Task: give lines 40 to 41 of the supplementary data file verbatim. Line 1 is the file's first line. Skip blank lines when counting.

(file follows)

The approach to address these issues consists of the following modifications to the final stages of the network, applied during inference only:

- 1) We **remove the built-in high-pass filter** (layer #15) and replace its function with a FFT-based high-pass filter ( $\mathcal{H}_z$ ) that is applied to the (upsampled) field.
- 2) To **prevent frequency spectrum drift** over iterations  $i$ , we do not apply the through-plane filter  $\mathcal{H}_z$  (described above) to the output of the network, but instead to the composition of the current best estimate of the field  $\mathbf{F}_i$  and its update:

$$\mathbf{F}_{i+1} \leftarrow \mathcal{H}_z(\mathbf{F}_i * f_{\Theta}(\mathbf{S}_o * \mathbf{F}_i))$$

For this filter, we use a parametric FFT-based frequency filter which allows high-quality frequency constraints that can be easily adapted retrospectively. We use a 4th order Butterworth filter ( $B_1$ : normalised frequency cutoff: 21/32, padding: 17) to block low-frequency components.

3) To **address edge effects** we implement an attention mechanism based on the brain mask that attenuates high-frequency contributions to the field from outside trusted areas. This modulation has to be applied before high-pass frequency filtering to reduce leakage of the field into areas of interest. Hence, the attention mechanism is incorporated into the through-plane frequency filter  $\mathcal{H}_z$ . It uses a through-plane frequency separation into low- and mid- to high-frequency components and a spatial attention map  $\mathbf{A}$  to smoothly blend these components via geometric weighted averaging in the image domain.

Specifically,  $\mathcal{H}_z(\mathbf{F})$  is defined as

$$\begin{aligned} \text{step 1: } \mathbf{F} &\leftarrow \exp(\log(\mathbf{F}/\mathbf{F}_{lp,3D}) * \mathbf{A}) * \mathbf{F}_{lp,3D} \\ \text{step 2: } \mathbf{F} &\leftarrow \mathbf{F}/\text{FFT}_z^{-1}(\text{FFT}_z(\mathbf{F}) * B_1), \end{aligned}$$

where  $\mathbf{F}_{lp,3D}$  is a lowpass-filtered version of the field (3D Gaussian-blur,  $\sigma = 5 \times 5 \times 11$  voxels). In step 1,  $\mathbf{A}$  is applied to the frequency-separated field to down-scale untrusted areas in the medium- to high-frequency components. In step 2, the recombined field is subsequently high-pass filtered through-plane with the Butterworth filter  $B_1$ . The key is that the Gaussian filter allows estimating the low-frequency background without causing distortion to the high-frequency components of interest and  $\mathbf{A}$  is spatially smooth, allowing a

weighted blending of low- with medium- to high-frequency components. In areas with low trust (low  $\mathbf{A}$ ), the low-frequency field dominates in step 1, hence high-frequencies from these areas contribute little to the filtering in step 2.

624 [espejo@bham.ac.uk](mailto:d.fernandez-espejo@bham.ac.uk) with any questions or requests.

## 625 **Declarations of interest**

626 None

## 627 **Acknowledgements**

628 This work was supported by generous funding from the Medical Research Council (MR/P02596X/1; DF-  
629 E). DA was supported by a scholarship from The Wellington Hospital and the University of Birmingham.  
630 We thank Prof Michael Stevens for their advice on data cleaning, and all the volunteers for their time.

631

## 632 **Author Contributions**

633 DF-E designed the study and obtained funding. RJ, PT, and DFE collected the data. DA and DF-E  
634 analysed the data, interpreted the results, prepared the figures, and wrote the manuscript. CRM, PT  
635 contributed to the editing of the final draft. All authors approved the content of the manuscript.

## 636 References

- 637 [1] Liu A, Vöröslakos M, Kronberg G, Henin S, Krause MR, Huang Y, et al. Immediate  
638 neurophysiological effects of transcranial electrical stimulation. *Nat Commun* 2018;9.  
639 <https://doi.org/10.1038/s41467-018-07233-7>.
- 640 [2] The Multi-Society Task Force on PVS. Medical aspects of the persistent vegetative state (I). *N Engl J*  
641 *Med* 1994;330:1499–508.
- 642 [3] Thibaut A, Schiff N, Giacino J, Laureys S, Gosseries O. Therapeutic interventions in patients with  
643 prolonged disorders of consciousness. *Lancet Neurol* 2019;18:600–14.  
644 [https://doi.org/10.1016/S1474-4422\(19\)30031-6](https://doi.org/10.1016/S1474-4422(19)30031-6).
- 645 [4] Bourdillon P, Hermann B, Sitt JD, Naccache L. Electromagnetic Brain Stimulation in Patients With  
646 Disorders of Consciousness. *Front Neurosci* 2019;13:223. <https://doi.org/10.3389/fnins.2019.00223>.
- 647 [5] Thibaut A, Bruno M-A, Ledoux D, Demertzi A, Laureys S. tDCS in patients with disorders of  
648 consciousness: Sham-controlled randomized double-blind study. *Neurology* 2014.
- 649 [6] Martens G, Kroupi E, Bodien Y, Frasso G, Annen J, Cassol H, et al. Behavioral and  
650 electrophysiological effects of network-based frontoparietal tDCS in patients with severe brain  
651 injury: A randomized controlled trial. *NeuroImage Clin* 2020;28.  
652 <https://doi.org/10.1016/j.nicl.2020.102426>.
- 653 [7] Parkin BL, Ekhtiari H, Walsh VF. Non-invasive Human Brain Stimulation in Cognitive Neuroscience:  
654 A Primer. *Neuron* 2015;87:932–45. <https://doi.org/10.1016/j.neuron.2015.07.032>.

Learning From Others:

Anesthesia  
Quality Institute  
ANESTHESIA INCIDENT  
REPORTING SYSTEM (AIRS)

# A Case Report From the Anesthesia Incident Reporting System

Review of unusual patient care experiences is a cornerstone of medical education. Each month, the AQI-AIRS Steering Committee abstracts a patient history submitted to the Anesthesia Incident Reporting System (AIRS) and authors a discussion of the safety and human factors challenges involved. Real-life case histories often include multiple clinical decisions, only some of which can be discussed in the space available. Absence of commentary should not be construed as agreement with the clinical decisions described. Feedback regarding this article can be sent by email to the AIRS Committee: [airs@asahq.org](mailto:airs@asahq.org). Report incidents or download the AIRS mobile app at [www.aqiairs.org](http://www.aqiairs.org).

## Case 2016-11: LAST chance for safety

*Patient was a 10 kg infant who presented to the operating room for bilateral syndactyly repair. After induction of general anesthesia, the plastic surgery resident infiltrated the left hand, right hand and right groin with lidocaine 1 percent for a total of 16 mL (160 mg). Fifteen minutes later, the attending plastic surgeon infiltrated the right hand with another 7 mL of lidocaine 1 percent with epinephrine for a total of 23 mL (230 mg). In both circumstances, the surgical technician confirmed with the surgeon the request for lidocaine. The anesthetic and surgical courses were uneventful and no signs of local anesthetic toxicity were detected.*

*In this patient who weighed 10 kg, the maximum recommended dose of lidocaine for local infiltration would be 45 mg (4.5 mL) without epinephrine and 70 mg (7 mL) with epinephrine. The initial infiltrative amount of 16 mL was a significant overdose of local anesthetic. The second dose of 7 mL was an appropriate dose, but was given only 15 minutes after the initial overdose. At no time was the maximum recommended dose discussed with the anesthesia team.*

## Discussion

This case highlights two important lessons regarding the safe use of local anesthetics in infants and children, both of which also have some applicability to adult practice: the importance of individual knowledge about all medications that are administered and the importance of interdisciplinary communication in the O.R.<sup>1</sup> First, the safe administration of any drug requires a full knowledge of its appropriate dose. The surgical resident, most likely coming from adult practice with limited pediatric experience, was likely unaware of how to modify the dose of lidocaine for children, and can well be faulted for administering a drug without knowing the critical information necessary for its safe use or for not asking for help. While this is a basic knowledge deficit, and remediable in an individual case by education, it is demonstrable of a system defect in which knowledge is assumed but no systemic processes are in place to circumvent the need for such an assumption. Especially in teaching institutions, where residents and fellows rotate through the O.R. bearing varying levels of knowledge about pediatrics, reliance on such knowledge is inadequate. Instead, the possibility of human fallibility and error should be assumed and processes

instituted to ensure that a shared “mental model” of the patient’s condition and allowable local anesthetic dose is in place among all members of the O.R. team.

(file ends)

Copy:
- 653 [7] Parkin BL, Ekhtiari H, Walsh VF. Non-invasive Human Brain Stimulation in Cognitive Neuroscience:  
654 A Primer. *Neuron* 2015;87:932–45. <https://doi.org/10.1016/j.neuron.2015.07.032>.